Clearing the Air
Take the CDC Seriously.
Everyone Else Does.
File:Silicosis.ILO Classification 2-2 R-R.by Dr. S.Haberis licensed under CC 1.0
By Emerson Schwartzkopf
So this government agency says that cutting engineered stone can be harmful to workers? And, hey, you’re not cutting dry anymore, and your shop’s mainly doing granite anyway? What’s it to you?
Plenty, because this is more than a press release from some bunch of federal form-checkers, and it doesn’t matter if you’ve fended off quartz surfaces from your shop by hanging garlic cloves and sharpening the wood shims.
The recent report from the Center for Disease Control (CDC) isn’t a wake-up call. It’s the last ring of the snooze alarm before someone comes in and possibly sets your bed on fire.
Overly dramatic? Not really. This is something that will have a long-term effect – years, maybe decades – because the consequences will be as cumulative as the silicosis created by the hause there will be consequences.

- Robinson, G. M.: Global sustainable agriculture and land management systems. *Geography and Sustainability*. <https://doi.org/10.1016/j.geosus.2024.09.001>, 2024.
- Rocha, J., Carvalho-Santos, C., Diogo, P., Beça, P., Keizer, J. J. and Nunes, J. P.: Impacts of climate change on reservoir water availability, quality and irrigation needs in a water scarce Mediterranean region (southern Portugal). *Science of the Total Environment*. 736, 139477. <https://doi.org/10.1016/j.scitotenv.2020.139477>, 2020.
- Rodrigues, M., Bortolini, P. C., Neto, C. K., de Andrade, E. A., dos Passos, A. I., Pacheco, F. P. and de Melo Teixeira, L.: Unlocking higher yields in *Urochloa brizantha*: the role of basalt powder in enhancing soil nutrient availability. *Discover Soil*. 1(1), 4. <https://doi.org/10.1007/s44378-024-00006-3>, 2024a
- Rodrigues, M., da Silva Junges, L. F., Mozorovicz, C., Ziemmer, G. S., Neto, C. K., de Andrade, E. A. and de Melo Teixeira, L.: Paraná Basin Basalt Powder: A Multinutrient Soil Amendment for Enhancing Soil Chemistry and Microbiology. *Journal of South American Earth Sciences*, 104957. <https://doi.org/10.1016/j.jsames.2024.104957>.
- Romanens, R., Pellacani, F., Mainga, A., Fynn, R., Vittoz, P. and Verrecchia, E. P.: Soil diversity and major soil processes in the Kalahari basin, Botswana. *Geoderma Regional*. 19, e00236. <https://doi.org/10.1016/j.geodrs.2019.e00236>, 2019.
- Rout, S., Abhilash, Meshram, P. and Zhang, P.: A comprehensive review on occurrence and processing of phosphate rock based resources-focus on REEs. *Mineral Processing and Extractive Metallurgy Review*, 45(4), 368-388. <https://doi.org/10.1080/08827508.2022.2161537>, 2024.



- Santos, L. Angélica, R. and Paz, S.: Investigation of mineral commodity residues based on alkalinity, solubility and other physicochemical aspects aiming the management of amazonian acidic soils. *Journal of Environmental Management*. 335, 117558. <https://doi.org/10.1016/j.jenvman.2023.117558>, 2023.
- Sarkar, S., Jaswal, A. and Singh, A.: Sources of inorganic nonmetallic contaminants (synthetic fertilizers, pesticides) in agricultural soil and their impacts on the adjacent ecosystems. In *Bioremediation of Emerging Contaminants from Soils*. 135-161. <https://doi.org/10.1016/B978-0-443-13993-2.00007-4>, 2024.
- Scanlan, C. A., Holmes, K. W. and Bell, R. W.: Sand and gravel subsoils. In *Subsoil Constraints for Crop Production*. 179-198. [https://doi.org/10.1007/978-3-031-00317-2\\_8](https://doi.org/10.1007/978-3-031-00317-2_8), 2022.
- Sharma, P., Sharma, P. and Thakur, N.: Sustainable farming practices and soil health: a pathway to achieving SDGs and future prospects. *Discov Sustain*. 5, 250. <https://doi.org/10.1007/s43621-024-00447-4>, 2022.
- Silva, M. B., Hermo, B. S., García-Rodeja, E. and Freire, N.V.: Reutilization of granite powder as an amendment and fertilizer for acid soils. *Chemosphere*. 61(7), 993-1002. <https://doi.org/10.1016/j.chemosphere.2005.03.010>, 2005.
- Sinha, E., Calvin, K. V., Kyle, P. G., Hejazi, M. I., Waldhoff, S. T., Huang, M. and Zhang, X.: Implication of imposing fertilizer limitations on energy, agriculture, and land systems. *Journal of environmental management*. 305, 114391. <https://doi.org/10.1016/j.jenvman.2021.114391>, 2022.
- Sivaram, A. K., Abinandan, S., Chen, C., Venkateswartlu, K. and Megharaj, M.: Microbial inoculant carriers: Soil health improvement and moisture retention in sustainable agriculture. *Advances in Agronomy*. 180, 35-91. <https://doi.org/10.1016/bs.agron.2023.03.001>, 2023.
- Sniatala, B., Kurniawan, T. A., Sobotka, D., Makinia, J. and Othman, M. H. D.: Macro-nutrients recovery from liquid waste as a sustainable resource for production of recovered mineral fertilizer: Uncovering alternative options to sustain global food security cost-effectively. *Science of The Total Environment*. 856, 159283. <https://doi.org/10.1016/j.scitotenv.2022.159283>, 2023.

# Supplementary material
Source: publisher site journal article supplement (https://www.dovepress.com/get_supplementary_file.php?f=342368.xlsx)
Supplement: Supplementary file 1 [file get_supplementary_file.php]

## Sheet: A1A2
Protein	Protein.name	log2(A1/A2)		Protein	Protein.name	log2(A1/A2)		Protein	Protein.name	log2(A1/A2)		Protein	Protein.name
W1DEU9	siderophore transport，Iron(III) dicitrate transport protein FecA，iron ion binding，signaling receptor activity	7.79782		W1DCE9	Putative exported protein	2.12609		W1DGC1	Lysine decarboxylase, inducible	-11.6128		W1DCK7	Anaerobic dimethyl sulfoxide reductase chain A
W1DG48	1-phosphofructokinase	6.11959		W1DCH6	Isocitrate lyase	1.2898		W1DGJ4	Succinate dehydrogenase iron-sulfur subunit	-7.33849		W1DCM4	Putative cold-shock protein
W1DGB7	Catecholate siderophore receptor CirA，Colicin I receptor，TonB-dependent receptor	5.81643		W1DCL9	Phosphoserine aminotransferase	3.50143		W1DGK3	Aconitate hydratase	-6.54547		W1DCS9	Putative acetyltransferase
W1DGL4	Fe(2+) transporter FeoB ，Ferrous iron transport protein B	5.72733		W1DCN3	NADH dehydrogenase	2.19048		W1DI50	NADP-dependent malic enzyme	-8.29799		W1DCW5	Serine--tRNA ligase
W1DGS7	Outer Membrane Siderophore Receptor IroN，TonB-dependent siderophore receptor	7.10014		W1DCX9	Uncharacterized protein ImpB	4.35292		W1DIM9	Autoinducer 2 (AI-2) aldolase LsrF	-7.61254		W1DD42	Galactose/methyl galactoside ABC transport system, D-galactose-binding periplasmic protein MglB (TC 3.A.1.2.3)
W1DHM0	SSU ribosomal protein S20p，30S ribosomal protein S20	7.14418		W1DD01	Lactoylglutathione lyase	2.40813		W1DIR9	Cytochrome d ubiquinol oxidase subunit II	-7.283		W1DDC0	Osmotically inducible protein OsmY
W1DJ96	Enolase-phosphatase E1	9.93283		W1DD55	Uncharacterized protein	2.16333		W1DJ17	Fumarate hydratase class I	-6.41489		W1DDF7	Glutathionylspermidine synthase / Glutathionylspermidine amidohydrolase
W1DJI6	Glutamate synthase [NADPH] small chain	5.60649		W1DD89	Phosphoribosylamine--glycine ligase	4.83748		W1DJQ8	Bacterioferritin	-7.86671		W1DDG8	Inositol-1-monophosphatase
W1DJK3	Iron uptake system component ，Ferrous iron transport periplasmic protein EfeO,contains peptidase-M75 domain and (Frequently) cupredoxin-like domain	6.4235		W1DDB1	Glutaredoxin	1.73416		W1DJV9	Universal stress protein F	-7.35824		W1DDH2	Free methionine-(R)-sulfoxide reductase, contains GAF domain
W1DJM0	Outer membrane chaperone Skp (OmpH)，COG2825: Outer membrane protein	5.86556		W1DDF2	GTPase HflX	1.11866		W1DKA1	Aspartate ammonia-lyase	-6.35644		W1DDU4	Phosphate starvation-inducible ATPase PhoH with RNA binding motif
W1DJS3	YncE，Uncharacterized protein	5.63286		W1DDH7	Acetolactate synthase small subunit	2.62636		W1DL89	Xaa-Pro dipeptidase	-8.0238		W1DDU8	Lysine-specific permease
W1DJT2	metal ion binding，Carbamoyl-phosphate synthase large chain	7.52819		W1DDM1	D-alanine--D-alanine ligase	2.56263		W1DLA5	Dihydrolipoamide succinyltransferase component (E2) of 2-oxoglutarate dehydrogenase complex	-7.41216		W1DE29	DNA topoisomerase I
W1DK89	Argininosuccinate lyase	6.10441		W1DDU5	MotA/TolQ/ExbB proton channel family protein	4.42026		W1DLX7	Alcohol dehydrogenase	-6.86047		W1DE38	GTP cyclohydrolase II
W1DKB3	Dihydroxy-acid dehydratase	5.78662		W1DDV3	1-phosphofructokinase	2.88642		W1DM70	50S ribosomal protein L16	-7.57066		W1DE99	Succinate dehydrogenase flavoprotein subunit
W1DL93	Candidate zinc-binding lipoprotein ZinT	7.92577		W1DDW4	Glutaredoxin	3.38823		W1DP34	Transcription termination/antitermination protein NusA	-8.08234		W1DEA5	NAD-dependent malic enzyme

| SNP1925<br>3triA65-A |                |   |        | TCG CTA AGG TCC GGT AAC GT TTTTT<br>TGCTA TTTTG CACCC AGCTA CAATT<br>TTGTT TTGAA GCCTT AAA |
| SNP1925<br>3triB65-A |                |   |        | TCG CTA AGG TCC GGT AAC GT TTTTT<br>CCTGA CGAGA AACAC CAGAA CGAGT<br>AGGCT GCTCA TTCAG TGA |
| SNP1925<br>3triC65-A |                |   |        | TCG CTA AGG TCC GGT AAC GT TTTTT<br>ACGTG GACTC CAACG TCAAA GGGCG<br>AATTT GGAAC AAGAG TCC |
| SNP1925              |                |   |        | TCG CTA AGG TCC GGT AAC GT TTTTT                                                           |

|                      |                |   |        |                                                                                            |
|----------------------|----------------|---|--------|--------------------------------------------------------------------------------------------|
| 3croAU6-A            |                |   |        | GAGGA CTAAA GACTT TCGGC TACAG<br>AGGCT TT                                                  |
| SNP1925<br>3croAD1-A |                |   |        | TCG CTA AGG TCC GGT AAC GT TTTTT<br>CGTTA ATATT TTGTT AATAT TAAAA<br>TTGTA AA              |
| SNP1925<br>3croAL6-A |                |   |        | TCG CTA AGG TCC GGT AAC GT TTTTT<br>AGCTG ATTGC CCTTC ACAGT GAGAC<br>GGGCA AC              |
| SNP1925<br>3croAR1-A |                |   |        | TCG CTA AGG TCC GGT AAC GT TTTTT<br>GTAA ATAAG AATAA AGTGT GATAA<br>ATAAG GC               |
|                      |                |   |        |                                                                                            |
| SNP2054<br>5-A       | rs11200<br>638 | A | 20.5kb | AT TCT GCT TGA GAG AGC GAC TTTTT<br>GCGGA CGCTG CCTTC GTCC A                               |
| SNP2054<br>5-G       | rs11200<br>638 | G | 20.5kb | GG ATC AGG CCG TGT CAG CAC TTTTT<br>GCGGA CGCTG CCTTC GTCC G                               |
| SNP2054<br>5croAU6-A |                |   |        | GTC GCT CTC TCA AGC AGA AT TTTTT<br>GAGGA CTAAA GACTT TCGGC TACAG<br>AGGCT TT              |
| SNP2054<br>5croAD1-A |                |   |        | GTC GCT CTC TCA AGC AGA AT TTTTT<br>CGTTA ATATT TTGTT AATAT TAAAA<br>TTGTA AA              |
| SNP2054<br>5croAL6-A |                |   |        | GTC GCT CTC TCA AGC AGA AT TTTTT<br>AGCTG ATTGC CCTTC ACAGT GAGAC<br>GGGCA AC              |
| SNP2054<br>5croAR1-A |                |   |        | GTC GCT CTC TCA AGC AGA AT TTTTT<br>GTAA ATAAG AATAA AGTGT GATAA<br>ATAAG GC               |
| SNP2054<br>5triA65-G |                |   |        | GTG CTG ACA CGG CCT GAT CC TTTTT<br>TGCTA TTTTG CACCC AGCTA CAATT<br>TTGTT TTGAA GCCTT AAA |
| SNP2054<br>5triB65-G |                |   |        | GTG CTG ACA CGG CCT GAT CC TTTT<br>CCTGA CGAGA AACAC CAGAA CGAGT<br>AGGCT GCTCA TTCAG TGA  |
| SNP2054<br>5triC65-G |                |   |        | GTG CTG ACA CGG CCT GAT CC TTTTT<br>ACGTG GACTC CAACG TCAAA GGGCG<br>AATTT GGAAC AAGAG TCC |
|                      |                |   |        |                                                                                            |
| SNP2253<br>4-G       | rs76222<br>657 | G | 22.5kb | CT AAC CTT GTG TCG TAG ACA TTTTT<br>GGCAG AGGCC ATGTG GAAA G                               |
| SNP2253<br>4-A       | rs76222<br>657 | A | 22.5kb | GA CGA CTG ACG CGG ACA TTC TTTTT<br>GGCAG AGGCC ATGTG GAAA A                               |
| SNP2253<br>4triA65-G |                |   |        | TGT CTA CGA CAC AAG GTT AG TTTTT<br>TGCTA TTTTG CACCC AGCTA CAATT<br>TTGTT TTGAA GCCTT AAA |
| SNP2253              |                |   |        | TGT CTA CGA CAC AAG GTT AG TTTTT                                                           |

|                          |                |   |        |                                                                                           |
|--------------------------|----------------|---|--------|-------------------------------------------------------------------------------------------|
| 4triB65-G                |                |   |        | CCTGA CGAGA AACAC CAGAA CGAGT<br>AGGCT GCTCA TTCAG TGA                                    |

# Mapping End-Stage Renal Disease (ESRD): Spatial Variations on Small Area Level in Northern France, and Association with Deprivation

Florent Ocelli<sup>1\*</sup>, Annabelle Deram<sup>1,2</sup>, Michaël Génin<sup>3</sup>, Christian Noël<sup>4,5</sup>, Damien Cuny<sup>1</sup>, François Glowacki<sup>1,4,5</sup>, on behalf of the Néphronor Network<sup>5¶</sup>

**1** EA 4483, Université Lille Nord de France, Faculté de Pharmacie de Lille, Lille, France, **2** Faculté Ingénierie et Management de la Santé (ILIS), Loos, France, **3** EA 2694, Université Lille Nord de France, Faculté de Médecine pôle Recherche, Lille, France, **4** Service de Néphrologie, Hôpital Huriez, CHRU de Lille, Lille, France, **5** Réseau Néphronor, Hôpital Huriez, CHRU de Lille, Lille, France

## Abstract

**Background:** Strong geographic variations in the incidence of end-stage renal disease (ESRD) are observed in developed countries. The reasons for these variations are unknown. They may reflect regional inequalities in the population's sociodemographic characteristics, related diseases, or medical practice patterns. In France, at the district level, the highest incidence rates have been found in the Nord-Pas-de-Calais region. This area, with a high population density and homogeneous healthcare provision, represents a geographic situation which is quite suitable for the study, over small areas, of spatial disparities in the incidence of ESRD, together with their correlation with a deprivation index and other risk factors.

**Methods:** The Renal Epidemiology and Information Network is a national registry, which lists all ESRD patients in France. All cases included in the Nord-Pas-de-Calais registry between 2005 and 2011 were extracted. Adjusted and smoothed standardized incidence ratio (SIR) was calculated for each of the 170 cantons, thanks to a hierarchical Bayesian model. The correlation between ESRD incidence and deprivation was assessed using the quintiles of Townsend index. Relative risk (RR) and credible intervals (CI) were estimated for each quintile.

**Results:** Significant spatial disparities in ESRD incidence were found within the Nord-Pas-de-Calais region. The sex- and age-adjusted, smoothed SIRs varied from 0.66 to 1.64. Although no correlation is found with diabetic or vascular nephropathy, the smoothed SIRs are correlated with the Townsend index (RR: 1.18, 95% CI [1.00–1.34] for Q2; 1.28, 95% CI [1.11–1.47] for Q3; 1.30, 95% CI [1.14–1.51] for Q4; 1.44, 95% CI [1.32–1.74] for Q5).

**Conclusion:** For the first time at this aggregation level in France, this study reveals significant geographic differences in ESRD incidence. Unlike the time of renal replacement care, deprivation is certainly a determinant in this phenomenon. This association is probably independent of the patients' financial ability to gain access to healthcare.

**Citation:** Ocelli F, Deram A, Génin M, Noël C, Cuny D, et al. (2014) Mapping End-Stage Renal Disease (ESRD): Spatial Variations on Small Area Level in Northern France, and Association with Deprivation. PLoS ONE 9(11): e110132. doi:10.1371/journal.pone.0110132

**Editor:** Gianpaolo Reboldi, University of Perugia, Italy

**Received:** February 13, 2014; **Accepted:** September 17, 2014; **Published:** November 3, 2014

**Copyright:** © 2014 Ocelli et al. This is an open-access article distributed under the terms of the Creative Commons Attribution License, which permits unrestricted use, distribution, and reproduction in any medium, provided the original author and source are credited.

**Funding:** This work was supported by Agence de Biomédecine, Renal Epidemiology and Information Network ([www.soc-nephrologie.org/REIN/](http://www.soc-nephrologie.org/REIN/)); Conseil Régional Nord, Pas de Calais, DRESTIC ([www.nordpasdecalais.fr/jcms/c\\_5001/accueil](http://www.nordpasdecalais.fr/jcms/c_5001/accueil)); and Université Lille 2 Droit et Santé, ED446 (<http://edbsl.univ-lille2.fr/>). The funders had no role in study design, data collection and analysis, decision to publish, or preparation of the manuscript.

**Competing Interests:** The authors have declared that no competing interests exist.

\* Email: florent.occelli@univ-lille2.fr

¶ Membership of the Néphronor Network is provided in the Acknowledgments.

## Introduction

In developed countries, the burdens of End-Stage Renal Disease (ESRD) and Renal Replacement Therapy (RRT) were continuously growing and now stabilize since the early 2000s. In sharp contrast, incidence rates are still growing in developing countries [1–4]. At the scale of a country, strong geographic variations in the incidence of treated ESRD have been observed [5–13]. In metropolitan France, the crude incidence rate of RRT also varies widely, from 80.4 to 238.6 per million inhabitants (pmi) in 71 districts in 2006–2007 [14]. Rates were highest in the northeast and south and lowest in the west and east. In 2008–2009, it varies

Let’s face facts; stone dust during fabrication was considered just part of the process for centuries, just like other innumerable worker hazards in every trade and industry. The idea that silica particles in workplace air could be fatal centered around large industrial activities like coal mining and marble milling.
Developments in the last 25 years that fueled the magic growth of hard-surface fabrication – better and more-affordable diamond tooling, the revolution in machinery and the flood of natural stone in the international market – also fed the hazards of silicosis in the workplace. The major acceptance of engineered-stone products, with a 90%-plus silica content that’s usually double the amount found in granite, accelerated the possible health risk.
Frankly, it’s amazing that it took this long for someone in the United States to connect heightened silicosis risk with quartz surfaces. It’s a topic of debate and legal action in other countries – notably, Australia – and caught the attention of the New York Times in 2016.